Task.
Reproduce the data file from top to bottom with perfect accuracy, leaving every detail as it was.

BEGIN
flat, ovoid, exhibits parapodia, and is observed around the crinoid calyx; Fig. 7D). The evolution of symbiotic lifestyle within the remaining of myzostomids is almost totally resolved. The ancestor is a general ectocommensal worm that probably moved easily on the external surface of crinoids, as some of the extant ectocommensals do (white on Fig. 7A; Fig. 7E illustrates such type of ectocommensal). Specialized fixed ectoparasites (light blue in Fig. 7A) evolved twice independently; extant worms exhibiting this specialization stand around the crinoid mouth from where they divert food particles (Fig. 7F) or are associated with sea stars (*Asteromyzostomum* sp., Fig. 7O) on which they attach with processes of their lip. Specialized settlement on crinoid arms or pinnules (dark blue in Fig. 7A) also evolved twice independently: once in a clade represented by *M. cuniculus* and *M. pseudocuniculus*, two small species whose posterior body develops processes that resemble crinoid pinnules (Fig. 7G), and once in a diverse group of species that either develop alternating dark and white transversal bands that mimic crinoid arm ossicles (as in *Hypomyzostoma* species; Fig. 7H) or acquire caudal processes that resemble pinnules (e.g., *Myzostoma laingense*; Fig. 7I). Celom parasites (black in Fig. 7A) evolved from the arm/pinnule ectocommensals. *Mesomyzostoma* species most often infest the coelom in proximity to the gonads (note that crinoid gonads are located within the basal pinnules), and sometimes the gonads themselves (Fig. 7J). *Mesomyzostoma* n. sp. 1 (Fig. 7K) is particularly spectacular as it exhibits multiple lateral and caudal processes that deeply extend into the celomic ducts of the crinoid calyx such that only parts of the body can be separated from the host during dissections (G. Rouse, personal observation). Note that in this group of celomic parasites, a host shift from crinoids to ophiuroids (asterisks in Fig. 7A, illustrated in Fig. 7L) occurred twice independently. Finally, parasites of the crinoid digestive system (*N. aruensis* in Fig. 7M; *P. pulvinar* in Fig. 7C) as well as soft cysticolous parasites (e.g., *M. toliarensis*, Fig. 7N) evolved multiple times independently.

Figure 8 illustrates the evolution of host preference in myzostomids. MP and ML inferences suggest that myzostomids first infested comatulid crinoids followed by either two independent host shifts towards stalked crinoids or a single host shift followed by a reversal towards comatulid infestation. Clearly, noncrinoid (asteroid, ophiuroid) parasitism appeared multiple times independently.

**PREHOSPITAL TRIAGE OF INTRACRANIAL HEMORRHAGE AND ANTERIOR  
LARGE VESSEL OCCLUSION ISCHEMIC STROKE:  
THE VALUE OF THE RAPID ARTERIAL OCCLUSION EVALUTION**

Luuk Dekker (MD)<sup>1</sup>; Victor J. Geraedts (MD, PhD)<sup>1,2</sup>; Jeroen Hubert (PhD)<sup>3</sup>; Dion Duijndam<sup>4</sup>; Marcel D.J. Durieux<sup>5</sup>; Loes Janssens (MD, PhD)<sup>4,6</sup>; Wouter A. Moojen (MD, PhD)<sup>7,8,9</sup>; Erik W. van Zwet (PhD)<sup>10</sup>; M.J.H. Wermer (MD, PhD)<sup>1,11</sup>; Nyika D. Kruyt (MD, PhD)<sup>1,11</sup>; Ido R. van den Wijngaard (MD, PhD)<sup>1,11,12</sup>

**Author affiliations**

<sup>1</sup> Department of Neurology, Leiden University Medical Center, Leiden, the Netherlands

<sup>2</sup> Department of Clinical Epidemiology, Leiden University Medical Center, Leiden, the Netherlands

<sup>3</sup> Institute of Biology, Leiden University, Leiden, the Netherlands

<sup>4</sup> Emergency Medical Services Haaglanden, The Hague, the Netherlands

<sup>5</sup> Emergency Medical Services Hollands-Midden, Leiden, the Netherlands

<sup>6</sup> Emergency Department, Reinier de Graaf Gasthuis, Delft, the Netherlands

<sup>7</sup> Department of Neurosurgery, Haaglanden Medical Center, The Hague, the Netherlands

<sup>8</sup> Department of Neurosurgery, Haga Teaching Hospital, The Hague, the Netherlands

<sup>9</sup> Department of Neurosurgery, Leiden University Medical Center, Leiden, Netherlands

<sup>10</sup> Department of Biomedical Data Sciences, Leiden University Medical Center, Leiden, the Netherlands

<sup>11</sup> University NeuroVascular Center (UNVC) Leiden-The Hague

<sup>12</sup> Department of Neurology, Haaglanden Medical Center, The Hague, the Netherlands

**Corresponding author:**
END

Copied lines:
flat, ovoid, exhibits parapodia, and is observed around the crinoid calyx; Fig. 7D). The evolution of symbiotic lifestyle within the remaining of myzostomids is almost totally resolved. The ancestor is a general ectocommensal worm that probably moved easily on the external surface of crinoids, as some of the extant ectocommensals do (white on Fig. 7A; Fig. 7E illustrates such type of ectocommensal). Specialized fixed ectoparasites (light blue in Fig. 7A) evolved twice independently; extant worms exhibiting this specialization stand around the crinoid mouth from where they divert food particles (Fig. 7F) or are associated with sea stars (*Asteromyzostomum* sp., Fig. 7O) on which they attach with processes of their lip. Specialized settlement on crinoid arms or pinnules (dark blue in Fig. 7A) also evolved twice independently: once in a clade represented by *M. cuniculus* and *M. pseudocuniculus*, two small species whose posterior body develops processes that resemble crinoid pinnules (Fig. 7G), and once in a diverse group of species that either develop alternating dark and white transversal bands that mimic crinoid arm ossicles (as in *Hypomyzostoma* species; Fig. 7H) or acquire caudal processes that resemble pinnules (e.g., *Myzostoma laingense*; Fig. 7I). Celom parasites (black in Fig. 7A) evolved from the arm/pinnule ectocommensals. *Mesomyzostoma* species most often infest the coelom in proximity to the gonads (note that crinoid gonads are located within the basal pinnules), and sometimes the gonads themselves (Fig. 7J). *Mesomyzostoma* n. sp. 1 (Fig. 7K) is particularly spectacular as it exhibits multiple lateral and caudal processes that deeply extend into the celomic ducts of the crinoid calyx such that only parts of the body can be separated from the host during dissections (G. Rouse, personal observation). Note that in this group of celomic parasites, a host shift from crinoids to ophiuroids (asterisks in Fig. 7A, illustrated in Fig. 7L) occurred twice independently. Finally, parasites of the crinoid digestive system (*N. aruensis* in Fig. 7M; *P. pulvinar* in Fig. 7C) as well as soft cysticolous parasites (e.g., *M. toliarensis*, Fig. 7N) evolved multiple times independently.

Figure 8 illustrates the evolution of host preference in myzostomids. MP and ML inferences suggest that myzostomids first infested comatulid crinoids followed by either two independent host shifts towards stalked crinoids or a single host shift followed by a reversal towards comatulid infestation. Clearly, noncrinoid (asteroid, ophiuroid) parasitism appeared multiple times independently.

**PREHOSPITAL TRIAGE OF INTRACRANIAL HEMORRHAGE AND ANTERIOR  
LARGE VESSEL OCCLUSION ISCHEMIC STROKE:  
THE VALUE OF THE RAPID ARTERIAL OCCLUSION EVALUTION**

Luuk Dekker (MD)<sup>1</sup>; Victor J. Geraedts (MD, PhD)<sup>1,2</sup>; Jeroen Hubert (PhD)<sup>3</sup>; Dion Duijndam<sup>4</sup>; Marcel D.J. Durieux<sup>5</sup>; Loes Janssens (MD, PhD)<sup>4,6</sup>; Wouter A. Moojen (MD, PhD)<sup>7,8,9</sup>; Erik W. van Zwet (PhD)<sup>10</sup>; M.J.H. Wermer (MD, PhD)<sup>1,11</sup>; Nyika D. Kruyt (MD, PhD)<sup>1,11</sup>; Ido R. van den Wijngaard (MD, PhD)<sup>1,11,12</sup>

**Author affiliations**

<sup>1</sup> Department of Neurology, Leiden University Medical Center, Leiden, the Netherlands

<sup>2</sup> Department of Clinical Epidemiology, Leiden University Medical Center, Leiden, the Netherlands

<sup>3</sup> Institute of Biology, Leiden University, Leiden, the Netherlands

<sup>4</sup> Emergency Medical Services Haaglanden, The Hague, the Netherlands

<sup>5</sup> Emergency Medical Services Hollands-Midden, Leiden, the Netherlands

<sup>6</sup> Emergency Department, Reinier de Graaf Gasthuis, Delft, the Netherlands

<sup>7</sup> Department of Neurosurgery, Haaglanden Medical Center, The Hague, the Netherlands

<sup>8</sup> Department of Neurosurgery, Haga Teaching Hospital, The Hague, the Netherlands

<sup>9</sup> Department of Neurosurgery, Leiden University Medical Center, Leiden, Netherlands

<sup>10</sup> Department of Biomedical Data Sciences, Leiden University Medical Center, Leiden, the Netherlands

<sup>11</sup> University NeuroVascular Center (UNVC) Leiden-The Hague

<sup>12</sup> Department of Neurology, Haaglanden Medical Center, The Hague, the Netherlands

**Corresponding author:**